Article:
Employment Laws Relating to Social Media: Is ignorance bliss? Many employers have reasonable concerns that employees may be using social media to disparage them or their customers or violate anti-harassment or other policies. Other employers simply want to control their own message and ensure that employees do not represent their personal opinions as those of their employer. As of today, however, 12 states have statutes regulating employer access to social media, nine of which were adopted in 2013. At the same time, the National Labor Relations Board is also developing case law and agency guidance relating to social media issues under labor law. Employers should update related policies and should also update training programs to prevent supervisors from unlawfully requesting or requiring access to their employees’ social media.
Bring Your Own Device to Work (BYOD) Policies: Another significant issue which will continue to challengeemployers is the extent to which they can (or should) allow employees to use their personal electronic devices (such as Smartphones and Blackberries) to conduct employer business subject to a Bring Your Own Device (BYOD) policy. This is an area of law for which there is a great deal of risk and uncertainty. Employers wishing to adopt or manage BYOD policies should consult employment counsel to properly assess the potential risks unique to their organizations and to assist them, if appropriate, to adopt BYOD policies which are both practical and legally compliant.
Ongoing Wage and Hour Issues: Wage and hour law continues to be an area of rapid development and potential liability.
California will increase its minimum wage from $8.00 per hour to $9.00 per hour on July 1, 2014, resulting in a related increase of the minimum yearly salary for exempt salaried executive, administrative, and creative or artistic professional employees to $37,440.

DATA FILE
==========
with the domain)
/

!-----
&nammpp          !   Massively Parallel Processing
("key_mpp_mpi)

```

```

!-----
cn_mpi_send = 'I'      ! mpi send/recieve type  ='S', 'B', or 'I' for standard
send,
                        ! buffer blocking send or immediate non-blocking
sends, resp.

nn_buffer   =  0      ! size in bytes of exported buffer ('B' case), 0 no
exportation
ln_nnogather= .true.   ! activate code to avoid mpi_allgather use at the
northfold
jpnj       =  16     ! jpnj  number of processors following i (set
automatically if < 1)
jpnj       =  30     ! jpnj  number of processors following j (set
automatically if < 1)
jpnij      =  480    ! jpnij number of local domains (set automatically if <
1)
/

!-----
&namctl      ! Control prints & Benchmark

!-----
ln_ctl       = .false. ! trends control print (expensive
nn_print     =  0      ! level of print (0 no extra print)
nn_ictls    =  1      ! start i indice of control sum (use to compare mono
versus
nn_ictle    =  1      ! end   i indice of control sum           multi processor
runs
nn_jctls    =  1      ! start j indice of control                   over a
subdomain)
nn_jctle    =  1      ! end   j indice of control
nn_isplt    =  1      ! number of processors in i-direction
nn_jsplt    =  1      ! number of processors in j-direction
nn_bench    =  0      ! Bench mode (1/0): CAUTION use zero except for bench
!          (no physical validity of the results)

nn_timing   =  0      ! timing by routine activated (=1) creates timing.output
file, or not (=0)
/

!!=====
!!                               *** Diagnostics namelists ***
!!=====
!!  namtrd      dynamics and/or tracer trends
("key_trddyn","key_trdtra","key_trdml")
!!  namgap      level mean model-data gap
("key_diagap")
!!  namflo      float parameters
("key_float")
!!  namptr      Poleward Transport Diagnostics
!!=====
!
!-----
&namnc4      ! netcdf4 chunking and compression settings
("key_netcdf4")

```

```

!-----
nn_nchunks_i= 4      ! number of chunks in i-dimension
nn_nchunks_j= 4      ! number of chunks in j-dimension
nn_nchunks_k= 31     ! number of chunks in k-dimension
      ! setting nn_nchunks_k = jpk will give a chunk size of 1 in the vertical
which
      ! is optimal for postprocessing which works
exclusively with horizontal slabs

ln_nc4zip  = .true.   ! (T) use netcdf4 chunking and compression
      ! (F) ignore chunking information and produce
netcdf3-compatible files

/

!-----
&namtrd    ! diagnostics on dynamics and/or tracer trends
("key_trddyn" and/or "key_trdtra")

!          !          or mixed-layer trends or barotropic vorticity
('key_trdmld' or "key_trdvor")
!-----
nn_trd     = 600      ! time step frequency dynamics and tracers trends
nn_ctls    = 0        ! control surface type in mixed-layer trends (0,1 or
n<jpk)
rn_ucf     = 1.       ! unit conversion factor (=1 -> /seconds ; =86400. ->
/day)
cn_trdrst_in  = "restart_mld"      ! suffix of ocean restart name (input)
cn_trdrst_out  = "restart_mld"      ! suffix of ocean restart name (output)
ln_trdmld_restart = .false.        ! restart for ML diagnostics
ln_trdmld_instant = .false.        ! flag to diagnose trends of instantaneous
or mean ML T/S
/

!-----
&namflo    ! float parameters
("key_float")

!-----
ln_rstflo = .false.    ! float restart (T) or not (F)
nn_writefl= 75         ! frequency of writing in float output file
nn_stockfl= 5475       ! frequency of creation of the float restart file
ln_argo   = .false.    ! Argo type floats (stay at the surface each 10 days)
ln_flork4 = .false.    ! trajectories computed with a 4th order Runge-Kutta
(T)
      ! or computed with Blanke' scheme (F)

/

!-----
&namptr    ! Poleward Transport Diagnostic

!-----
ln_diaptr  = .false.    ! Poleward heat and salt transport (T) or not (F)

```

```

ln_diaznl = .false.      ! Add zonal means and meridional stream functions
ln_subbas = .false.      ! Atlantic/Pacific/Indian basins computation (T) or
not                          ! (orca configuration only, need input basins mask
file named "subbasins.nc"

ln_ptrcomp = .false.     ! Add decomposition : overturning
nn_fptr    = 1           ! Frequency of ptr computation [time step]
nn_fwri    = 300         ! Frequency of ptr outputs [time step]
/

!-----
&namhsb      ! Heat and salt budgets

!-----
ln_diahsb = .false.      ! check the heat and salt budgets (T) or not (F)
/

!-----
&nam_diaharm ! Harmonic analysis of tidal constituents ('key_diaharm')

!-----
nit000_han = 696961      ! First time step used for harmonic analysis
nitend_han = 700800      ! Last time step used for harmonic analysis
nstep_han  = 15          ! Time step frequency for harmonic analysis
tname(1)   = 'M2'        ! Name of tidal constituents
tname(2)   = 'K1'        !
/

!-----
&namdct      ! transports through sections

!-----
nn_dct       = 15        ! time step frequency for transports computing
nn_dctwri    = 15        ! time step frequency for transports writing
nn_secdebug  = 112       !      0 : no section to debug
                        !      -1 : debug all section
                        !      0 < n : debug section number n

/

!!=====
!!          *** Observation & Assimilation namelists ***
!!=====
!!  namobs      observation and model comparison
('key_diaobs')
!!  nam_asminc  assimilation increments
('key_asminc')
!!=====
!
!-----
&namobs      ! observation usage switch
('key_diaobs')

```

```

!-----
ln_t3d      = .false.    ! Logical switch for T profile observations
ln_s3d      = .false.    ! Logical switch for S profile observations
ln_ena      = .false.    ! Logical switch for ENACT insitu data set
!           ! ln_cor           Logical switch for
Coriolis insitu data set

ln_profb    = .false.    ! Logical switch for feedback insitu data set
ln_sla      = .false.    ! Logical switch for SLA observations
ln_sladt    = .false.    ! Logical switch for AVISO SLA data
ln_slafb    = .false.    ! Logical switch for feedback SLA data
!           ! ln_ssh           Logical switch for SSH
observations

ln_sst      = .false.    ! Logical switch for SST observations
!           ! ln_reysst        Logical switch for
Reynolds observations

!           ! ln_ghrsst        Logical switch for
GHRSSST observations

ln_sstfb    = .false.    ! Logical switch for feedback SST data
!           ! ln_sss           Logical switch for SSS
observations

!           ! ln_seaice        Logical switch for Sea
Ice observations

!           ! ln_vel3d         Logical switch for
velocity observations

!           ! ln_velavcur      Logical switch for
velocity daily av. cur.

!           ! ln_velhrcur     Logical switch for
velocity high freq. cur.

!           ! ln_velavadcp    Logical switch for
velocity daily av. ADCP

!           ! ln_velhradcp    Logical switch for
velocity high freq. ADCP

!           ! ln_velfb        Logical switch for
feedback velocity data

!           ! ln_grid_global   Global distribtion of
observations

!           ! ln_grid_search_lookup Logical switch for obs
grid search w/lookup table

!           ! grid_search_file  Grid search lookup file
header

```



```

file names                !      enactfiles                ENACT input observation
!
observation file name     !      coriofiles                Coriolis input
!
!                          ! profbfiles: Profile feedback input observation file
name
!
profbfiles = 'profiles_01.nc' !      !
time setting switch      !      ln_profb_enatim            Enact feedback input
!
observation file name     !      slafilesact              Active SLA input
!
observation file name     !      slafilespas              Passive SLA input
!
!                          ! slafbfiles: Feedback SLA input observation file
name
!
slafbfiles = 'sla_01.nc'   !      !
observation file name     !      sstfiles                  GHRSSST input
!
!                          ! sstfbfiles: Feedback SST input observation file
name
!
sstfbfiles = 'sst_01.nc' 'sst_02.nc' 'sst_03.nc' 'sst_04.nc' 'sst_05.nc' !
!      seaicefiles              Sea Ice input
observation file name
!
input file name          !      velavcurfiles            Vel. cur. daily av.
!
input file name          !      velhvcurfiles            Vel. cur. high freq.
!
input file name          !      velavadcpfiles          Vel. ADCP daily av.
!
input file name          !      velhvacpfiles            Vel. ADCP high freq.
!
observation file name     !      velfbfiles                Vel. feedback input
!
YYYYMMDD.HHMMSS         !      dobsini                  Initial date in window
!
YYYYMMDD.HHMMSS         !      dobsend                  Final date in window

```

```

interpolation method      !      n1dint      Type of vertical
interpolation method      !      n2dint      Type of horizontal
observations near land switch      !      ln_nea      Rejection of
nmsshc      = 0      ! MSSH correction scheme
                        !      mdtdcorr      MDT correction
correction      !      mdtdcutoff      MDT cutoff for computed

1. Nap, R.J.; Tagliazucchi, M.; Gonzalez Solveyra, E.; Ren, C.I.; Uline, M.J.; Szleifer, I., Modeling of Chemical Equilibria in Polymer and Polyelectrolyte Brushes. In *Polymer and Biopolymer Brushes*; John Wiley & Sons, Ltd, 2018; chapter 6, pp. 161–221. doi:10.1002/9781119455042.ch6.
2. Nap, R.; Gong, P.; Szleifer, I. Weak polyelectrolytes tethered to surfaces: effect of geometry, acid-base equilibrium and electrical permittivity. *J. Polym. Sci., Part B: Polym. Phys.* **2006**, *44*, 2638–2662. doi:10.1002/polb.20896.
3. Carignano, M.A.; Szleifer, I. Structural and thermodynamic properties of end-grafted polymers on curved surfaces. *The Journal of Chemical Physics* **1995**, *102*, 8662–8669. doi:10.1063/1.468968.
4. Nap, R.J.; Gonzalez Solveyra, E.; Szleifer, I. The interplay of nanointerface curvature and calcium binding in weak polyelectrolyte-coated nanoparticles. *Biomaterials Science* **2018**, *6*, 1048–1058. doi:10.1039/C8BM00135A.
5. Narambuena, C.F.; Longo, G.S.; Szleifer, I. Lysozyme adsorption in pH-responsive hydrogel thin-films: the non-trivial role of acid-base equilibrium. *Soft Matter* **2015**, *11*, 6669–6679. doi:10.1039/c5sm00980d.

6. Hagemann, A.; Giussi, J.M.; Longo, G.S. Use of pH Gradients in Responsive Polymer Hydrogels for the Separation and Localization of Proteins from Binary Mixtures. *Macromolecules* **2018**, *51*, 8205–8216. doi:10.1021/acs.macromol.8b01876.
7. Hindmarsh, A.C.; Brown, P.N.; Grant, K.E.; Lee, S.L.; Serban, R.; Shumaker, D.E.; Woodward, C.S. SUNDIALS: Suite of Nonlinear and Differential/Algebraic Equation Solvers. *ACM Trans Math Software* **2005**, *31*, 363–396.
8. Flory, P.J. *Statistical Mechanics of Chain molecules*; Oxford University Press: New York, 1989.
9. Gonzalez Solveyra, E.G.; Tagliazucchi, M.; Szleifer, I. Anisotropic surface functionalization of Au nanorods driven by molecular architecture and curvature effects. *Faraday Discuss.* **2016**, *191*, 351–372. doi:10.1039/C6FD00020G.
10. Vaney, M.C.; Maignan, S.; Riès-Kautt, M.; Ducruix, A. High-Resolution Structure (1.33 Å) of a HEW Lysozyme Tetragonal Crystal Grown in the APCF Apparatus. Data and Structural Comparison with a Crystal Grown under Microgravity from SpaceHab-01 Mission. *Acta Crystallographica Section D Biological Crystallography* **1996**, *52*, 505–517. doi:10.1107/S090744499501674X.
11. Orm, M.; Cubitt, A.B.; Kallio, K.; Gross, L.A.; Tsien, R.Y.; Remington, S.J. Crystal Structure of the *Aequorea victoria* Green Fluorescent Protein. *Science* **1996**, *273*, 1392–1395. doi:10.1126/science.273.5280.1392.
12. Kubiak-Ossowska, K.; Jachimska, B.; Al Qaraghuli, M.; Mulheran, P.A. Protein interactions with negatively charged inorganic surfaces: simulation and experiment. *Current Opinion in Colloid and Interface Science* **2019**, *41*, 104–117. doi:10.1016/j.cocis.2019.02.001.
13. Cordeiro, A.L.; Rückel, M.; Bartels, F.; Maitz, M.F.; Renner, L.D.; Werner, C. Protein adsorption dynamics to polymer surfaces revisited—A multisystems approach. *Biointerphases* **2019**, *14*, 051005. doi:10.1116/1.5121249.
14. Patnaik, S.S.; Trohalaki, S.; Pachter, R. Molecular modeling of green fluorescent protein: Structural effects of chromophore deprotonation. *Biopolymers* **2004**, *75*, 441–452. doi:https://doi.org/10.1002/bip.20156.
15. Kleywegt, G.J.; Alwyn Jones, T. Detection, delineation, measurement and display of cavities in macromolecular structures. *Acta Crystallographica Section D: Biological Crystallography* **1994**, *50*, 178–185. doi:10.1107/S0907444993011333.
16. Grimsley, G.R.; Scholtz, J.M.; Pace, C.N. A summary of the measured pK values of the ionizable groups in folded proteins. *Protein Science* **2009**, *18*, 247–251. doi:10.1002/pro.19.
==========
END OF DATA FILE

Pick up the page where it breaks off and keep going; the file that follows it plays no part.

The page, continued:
The use of portable devices such as Blackberries and Smartphones by nonexempt employees will continue to fuel wage and hour litigation based on alleged off the clock work.
There will be a continued effort both by government agencies and through private litigation to challenge the alleged misclassification of employees as independent contractors. There will also be more litigation challenging the use of unpaid interns.
Employers should review their pay policies for nonexempt and exempt California employees and should also review their policies and practices relating to internship programs, independent contractors, and the regulation and reporting of work outside of standard business hours, particularly for employees who can and do conduct work using mobile electronic devices.
Health Care and Wellness Programs: Although the employer mandate under the Affordable Care Act has been postponed to January 1, 2016, for employers with at least 50 but less than 100 full-time employees and to January 1, 2015, for employers with 100 or more full-time employees, we anticipate that other significant changes will be announced during the course of the upcoming year and employers should continue to monitor rules relating to implementation of the Affordable Care Act. Additionally, numerous employers will adopt a wellness program this year. Employers should design Wellness programs to conform to the current federal regulations (which became applicable on January 1, 2014), and to otherwise avoid potential claims for disability discrimination.